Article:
I am not a shopper; I don’t like shopping. Instead, I prepare all my food ahead of my hike and box it up so it is ready to be sent to post offices and hostels along the trail. An advantage of shipping to hostels is not being constrained by a post office’s schedule. Some smaller offices have limited days and hours for service. It’s not unusual for a rural office to open for only two hours on Saturdays, and, of course, no office is open on Sunday. Fortunately, my oldest daughter faithfully mails my boxes to me according to the timeline I provide.

For breakfasts, I prepared oatmeal, cereal with powdered milk and protein, and instant rice freezer bag meals that are ready to eat with the addition of hot or cold water. I had protein bars, trail mix, and chocolate bars for lunch and snacks. At dinner, I ate freeze-dried meals I purchased, as well as dehydrated meals I had assembled. Each of my supply boxes contained enough food to last for no more than 7 days. A quick internet search will yield several good articles and videos about food and nutrition, as well as locations along the trail that will receive and hold supply boxes for hikers.

Fuel canisters are essential for my hiking meals. Fortunately, canisters can be sent via USPS ground shipping. The package must display a label indicating that the mode of delivery is ground only. It’s also important to plan ahead when mailing fuel canisters. I allow two weeks for ground shipments and sometimes even that much lead time cuts it a bit close for a timely arrival.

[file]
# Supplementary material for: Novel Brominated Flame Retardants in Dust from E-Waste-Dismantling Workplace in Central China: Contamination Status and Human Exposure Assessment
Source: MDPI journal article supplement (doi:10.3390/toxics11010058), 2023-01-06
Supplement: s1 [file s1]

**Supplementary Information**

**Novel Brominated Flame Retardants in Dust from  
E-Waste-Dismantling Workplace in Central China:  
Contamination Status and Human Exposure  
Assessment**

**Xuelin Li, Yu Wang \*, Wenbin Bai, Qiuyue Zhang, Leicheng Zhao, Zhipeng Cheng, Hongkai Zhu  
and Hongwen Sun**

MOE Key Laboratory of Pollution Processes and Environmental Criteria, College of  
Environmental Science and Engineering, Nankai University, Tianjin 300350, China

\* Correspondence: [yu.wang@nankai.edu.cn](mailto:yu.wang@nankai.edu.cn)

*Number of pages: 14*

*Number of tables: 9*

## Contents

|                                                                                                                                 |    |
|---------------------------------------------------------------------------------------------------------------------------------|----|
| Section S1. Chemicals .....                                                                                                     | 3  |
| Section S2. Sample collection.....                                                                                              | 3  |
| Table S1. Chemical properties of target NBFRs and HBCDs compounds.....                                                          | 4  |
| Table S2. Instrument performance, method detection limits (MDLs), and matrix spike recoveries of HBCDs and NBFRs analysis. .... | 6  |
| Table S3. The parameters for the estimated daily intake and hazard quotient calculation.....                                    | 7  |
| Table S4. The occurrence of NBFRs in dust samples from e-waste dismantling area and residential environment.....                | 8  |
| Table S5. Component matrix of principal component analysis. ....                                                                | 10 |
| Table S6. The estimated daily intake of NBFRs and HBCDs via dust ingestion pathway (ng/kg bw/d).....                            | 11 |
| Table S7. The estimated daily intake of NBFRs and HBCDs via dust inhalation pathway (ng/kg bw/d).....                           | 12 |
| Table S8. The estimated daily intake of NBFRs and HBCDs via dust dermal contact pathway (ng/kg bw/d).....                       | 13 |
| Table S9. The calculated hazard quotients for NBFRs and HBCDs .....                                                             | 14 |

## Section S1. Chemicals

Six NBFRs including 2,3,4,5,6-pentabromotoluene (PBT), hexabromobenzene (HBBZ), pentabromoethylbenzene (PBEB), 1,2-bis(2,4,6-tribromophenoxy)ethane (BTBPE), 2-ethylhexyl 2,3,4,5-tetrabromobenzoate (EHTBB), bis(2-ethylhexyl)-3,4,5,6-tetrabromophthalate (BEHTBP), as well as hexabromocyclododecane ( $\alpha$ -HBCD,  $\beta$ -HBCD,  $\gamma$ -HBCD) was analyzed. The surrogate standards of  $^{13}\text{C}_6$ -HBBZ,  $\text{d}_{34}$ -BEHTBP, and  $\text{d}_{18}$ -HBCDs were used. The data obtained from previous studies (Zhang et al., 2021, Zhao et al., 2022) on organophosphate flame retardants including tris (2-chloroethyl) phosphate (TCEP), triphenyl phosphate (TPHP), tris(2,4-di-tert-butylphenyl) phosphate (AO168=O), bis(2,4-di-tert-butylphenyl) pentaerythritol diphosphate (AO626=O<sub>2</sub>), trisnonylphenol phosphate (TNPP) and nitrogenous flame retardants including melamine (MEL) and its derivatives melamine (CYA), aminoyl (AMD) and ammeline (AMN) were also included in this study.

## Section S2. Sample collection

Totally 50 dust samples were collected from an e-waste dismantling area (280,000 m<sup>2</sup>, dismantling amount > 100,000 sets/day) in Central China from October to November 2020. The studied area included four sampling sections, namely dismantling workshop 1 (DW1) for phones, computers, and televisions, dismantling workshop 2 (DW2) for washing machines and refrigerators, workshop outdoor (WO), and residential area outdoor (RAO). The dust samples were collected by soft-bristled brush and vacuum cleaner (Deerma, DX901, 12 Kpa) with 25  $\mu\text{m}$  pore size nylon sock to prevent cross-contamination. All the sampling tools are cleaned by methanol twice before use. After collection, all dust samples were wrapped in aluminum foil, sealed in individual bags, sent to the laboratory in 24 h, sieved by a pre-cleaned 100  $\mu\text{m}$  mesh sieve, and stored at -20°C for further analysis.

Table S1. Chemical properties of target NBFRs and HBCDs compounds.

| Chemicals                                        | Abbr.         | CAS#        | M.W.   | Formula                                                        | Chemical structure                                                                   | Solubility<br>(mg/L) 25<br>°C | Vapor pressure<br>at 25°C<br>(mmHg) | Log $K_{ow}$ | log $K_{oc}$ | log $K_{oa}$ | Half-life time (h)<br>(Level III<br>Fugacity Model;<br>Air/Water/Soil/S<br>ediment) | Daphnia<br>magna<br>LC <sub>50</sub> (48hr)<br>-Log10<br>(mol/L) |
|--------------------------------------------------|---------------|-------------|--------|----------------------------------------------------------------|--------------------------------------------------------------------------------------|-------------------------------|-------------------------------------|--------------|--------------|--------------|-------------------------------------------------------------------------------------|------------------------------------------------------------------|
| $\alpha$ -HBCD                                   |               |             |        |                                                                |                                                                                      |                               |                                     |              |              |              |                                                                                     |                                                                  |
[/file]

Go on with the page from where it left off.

One huge advantage to being a MYTH is the ability to refine your equipment for the next lash. I had done a lot of research and talked to several experienced hikers before I set foot on the AT for my first lash, so I felt I was well prepared in regard to my equipment choices. But, midway through, I realized some of my choices weren’t the best for me. Currently I am on my third backpack. The first was too heavy, the second was too light – I know, hard to believe – hopefully, the one I have now will be just right. Subsequent lashes have allowed me to switch to a more lightweight sleeping bag and pad. On my first lash I ended up mailing more than a few items home that proved to be unnecessary or not quite right. Last year I didn’t mail home anything; there was no need for a shakedown.

My third lash began on May 1, 2023. After my Amtrak journey, I started at Amicalola Falls State Park on the blue blaze approach trail to Springer Mountain. I got off the trail in Damascus once again. This was my shortest lash thus far, about 480 miles. 

My final AT lash will be from Hanover, NH to Mt. Katahdin, hopefully in the summer of 2024. 

MYTHs are genuine thru-hikers, not “just” section hikers. We prepare and train as thru-hikers. Due to family, work, and other commitments, we often don’t have 5-8 months available to us to complete a thru-hike. As I mentioned before, thru-hikers truly are commendable. It is not my intent to take anything away from their grit, dedication and accomplishments. But I encourage you to think of MYTHs as more than just section hikers. We are truly committed to completing the entire trail, just not in one calendar year. 

To my fellow MYTHs out there: remember, it’s all about the journey. Hang in there and enjoy each day. We’ll reach our ultimate goal; it will just take us a little longer.

Comments

  • MARK SIREK
    MARK SIREK Administrator Posts: 296
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    @gfbrich This is an awesome post, and, along with your dedication to the trail, I appreciate you taking the time to share it! Cheers to all the miles ahead!